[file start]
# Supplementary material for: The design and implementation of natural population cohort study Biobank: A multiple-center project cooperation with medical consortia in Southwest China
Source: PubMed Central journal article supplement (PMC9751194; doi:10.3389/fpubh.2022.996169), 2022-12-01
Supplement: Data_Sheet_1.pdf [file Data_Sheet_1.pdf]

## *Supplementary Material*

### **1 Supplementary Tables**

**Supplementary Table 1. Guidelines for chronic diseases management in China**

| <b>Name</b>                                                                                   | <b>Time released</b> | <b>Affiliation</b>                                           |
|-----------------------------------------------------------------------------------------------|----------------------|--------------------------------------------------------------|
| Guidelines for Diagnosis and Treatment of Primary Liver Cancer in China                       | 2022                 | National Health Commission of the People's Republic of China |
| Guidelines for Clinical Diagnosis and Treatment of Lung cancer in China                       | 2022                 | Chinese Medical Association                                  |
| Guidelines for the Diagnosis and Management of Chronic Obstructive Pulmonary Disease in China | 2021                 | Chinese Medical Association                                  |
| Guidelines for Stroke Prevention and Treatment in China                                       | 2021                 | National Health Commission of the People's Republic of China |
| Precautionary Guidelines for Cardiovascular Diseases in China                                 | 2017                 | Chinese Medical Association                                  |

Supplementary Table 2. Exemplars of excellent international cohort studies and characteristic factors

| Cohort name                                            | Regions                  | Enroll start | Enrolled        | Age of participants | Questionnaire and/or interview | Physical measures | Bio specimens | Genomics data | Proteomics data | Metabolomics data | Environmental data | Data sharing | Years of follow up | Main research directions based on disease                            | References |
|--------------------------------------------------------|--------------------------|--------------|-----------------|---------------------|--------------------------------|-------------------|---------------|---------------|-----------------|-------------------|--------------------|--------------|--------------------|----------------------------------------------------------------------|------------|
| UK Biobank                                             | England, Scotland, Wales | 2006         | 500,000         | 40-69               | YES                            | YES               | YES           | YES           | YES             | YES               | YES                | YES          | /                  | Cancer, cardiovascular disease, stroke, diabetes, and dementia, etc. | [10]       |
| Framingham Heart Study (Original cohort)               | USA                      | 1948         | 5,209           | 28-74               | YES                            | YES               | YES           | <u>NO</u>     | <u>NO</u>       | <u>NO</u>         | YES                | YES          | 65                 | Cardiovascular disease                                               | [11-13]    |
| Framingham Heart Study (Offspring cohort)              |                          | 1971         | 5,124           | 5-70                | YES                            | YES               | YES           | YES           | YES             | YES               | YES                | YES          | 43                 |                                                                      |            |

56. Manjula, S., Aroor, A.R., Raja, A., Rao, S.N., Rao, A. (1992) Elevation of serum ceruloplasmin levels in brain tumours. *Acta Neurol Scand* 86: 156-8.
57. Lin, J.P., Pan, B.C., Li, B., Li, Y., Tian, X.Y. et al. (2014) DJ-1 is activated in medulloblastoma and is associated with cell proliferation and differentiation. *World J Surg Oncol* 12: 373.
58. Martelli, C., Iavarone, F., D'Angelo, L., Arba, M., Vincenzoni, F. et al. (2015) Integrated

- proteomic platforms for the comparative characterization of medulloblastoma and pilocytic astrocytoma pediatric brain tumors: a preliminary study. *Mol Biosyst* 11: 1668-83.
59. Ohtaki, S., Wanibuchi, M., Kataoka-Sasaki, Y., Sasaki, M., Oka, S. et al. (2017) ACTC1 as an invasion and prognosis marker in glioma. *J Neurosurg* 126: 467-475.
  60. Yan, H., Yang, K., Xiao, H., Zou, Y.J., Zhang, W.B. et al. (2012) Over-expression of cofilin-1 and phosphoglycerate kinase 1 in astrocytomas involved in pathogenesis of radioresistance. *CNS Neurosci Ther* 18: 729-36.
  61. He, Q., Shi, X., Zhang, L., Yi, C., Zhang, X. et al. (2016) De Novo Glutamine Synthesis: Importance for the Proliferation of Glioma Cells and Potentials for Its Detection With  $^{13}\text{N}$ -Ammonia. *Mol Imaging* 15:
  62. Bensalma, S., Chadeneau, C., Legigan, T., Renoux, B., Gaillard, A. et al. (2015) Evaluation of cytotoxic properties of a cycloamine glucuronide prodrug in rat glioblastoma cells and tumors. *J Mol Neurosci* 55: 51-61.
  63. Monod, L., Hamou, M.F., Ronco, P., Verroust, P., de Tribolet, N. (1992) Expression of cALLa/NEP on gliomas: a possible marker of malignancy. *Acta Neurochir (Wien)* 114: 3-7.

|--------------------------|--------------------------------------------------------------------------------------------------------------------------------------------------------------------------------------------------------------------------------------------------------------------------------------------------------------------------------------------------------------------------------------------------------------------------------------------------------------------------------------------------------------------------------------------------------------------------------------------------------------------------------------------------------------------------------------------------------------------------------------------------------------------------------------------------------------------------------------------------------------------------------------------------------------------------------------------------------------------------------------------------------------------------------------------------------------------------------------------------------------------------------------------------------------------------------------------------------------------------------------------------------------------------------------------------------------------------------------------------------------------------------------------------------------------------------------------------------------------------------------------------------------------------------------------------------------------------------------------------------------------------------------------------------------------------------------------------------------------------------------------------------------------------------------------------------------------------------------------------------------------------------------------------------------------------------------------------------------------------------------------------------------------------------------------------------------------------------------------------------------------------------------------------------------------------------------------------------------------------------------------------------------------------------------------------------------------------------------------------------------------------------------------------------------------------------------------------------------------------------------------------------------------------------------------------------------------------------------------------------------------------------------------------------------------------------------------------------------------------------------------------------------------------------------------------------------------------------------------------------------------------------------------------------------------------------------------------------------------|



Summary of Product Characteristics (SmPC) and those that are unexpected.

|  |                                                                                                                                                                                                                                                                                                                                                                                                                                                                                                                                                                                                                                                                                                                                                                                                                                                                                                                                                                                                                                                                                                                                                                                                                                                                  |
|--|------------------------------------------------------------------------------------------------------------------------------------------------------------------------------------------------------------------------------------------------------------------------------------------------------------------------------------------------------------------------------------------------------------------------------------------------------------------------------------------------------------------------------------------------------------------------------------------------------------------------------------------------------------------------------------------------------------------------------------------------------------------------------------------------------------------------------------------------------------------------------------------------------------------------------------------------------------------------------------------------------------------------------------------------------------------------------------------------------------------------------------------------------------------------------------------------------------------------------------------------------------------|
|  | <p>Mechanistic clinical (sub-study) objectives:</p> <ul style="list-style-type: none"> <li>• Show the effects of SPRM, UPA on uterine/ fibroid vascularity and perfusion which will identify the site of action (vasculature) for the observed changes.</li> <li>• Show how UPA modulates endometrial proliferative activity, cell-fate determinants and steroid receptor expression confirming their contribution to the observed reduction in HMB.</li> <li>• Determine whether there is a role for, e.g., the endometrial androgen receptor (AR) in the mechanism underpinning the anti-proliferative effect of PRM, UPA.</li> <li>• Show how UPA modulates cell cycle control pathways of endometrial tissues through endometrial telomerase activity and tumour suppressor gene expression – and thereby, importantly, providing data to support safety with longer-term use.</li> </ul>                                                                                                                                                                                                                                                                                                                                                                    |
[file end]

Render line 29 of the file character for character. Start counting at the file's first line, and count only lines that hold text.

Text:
|--------------------------|--------------------------------------------------------------------------------------------------------------------------------------------------------------------------------------------------------------------------------------------------------------------------------------------------------------------------------------------------------------------------------------------------------------------------------------------------------------------------------------------------------------------------------------------------------------------------------------------------------------------------------------------------------------------------------------------------------------------------------------------------------------------------------------------------------------------------------------------------------------------------------------------------------------------------------------------------------------------------------------------------------------------------------------------------------------------------------------------------------------------------------------------------------------------------------------------------------------------------------------------------------------------------------------------------------------------------------------------------------------------------------------------------------------------------------------------------------------------------------------------------------------------------------------------------------------------------------------------------------------------------------------------------------------------------------------------------------------------------------------------------------------------------------------------------------------------------------------------------------------------------------------------------------------------------------------------------------------------------------------------------------------------------------------------------------------------------------------------------------------------------------------------------------------------------------------------------------------------------------------------------------------------------------------------------------------------------------------------------------------------------------------------------------------------------------------------------------------------------------------------------------------------------------------------------------------------------------------------------------------------------------------------------------------------------------------------------------------------------------------------------------------------------------------------------------------------------------------------------------------------------------------------------------------------------------------------------------------------|